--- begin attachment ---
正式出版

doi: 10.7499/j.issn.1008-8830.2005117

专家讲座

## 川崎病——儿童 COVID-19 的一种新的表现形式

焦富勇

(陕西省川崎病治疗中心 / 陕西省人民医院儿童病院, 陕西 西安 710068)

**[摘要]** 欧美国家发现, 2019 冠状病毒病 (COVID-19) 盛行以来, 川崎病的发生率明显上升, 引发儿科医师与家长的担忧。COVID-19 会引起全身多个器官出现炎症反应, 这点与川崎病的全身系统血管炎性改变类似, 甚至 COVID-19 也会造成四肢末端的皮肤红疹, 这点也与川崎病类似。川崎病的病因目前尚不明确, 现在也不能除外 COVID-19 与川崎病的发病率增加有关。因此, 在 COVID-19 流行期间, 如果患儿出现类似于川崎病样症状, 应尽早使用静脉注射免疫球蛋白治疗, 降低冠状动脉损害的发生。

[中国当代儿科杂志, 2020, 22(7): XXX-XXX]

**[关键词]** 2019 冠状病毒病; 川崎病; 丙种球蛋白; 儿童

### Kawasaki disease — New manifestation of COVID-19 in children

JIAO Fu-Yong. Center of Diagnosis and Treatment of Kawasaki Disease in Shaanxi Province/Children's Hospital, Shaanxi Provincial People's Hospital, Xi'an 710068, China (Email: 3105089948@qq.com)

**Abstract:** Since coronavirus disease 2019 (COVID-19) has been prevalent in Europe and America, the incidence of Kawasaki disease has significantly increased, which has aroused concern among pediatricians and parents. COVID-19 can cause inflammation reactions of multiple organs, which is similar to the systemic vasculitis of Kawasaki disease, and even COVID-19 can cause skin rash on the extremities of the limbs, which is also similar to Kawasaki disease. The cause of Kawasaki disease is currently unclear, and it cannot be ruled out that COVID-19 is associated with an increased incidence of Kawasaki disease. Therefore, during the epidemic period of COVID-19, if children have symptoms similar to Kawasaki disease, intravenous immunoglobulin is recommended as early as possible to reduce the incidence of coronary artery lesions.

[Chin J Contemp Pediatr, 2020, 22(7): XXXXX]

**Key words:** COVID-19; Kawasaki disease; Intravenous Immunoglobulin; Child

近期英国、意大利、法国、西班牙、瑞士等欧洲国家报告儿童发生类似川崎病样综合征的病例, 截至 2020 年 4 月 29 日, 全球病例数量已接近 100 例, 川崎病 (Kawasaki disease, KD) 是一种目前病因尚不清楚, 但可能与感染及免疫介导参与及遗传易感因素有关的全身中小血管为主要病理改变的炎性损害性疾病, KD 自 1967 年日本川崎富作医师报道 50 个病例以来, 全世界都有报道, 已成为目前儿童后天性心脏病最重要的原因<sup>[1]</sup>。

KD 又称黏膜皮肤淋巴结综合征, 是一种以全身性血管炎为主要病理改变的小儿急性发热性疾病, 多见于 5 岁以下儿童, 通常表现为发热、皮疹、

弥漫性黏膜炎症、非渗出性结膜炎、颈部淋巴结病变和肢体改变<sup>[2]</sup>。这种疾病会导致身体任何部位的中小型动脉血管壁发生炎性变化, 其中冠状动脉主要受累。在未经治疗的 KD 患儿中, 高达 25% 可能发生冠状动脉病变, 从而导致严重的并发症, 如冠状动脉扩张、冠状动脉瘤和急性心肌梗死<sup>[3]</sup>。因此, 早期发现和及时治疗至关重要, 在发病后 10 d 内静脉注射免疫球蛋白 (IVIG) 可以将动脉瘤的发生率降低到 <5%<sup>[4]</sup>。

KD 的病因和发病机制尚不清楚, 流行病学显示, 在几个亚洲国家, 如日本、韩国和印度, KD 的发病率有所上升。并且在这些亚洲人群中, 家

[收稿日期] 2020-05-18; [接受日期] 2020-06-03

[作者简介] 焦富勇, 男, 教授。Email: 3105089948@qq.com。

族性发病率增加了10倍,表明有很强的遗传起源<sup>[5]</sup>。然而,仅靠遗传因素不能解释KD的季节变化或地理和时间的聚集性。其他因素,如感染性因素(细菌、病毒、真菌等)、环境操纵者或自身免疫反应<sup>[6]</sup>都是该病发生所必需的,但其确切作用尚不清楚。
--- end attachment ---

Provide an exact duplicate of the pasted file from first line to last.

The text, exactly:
正式出版

doi: 10.7499/j.issn.1008-8830.2005117

专家讲座

## 川崎病——儿童 COVID-19 的一种新的表现形式

焦富勇

(陕西省川崎病治疗中心 / 陕西省人民医院儿童病院, 陕西 西安 710068)

**[摘要]** 欧美国家发现, 2019 冠状病毒病 (COVID-19) 盛行以来, 川崎病的发生率明显上升, 引发儿科医师与家长的担忧。COVID-19 会引起全身多个器官出现炎症反应, 这点与川崎病的全身系统血管炎性改变类似, 甚至 COVID-19 也会造成四肢末端的皮肤红疹, 这点也与川崎病类似。川崎病的病因目前尚不明确, 现在也不能除外 COVID-19 与川崎病的发病率增加有关。因此, 在 COVID-19 流行期间, 如果患儿出现类似于川崎病样症状, 应尽早使用静脉注射免疫球蛋白治疗, 降低冠状动脉损害的发生。

[中国当代儿科杂志, 2020, 22(7): XXX-XXX]

**[关键词]** 2019 冠状病毒病; 川崎病; 丙种球蛋白; 儿童

### Kawasaki disease — New manifestation of COVID-19 in children

JIAO Fu-Yong. Center of Diagnosis and Treatment of Kawasaki Disease in Shaanxi Province/Children's Hospital, Shaanxi Provincial People's Hospital, Xi'an 710068, China (Email: 3105089948@qq.com)

**Abstract:** Since coronavirus disease 2019 (COVID-19) has been prevalent in Europe and America, the incidence of Kawasaki disease has significantly increased, which has aroused concern among pediatricians and parents. COVID-19 can cause inflammation reactions of multiple organs, which is similar to the systemic vasculitis of Kawasaki disease, and even COVID-19 can cause skin rash on the extremities of the limbs, which is also similar to Kawasaki disease. The cause of Kawasaki disease is currently unclear, and it cannot be ruled out that COVID-19 is associated with an increased incidence of Kawasaki disease. Therefore, during the epidemic period of COVID-19, if children have symptoms similar to Kawasaki disease, intravenous immunoglobulin is recommended as early as possible to reduce the incidence of coronary artery lesions.

[Chin J Contemp Pediatr, 2020, 22(7): XXXXX]

**Key words:** COVID-19; Kawasaki disease; Intravenous Immunoglobulin; Child

近期英国、意大利、法国、西班牙、瑞士等欧洲国家报告儿童发生类似川崎病样综合征的病例, 截至 2020 年 4 月 29 日, 全球病例数量已接近 100 例, 川崎病 (Kawasaki disease, KD) 是一种目前病因尚不清楚, 但可能与感染及免疫介导参与及遗传易感因素有关的全身中小血管为主要病理改变的炎性损害性疾病, KD 自 1967 年日本川崎富作医师报道 50 个病例以来, 全世界都有报道, 已成为目前儿童后天性心脏病最重要的原因<sup>[1]</sup>。

KD 又称黏膜皮肤淋巴结综合征, 是一种以全身性血管炎为主要病理改变的小儿急性发热性疾病, 多见于 5 岁以下儿童, 通常表现为发热、皮疹、

弥漫性黏膜炎症、非渗出性结膜炎、颈部淋巴结病变和肢体改变<sup>[2]</sup>。这种疾病会导致身体任何部位的中小型动脉血管壁发生炎性变化, 其中冠状动脉主要受累。在未经治疗的 KD 患儿中, 高达 25% 可能发生冠状动脉病变, 从而导致严重的并发症, 如冠状动脉扩张、冠状动脉瘤和急性心肌梗死<sup>[3]</sup>。因此, 早期发现和及时治疗至关重要, 在发病后 10 d 内静脉注射免疫球蛋白 (IVIG) 可以将动脉瘤的发生率降低到 <5%<sup>[4]</sup>。

KD 的病因和发病机制尚不清楚, 流行病学显示, 在几个亚洲国家, 如日本、韩国和印度, KD 的发病率有所上升。并且在这些亚洲人群中, 家

[收稿日期] 2020-05-18; [接受日期] 2020-06-03

[作者简介] 焦富勇, 男, 教授。Email: 3105089948@qq.com。

族性发病率增加了10倍,表明有很强的遗传起源<sup>[5]</sup>。然而,仅靠遗传因素不能解释KD的季节变化或地理和时间的聚集性。其他因素,如感染性因素(细菌、病毒、真菌等)、环境操纵者或自身免疫反应<sup>[6]</sup>都是该病发生所必需的,但其确切作用尚不清楚。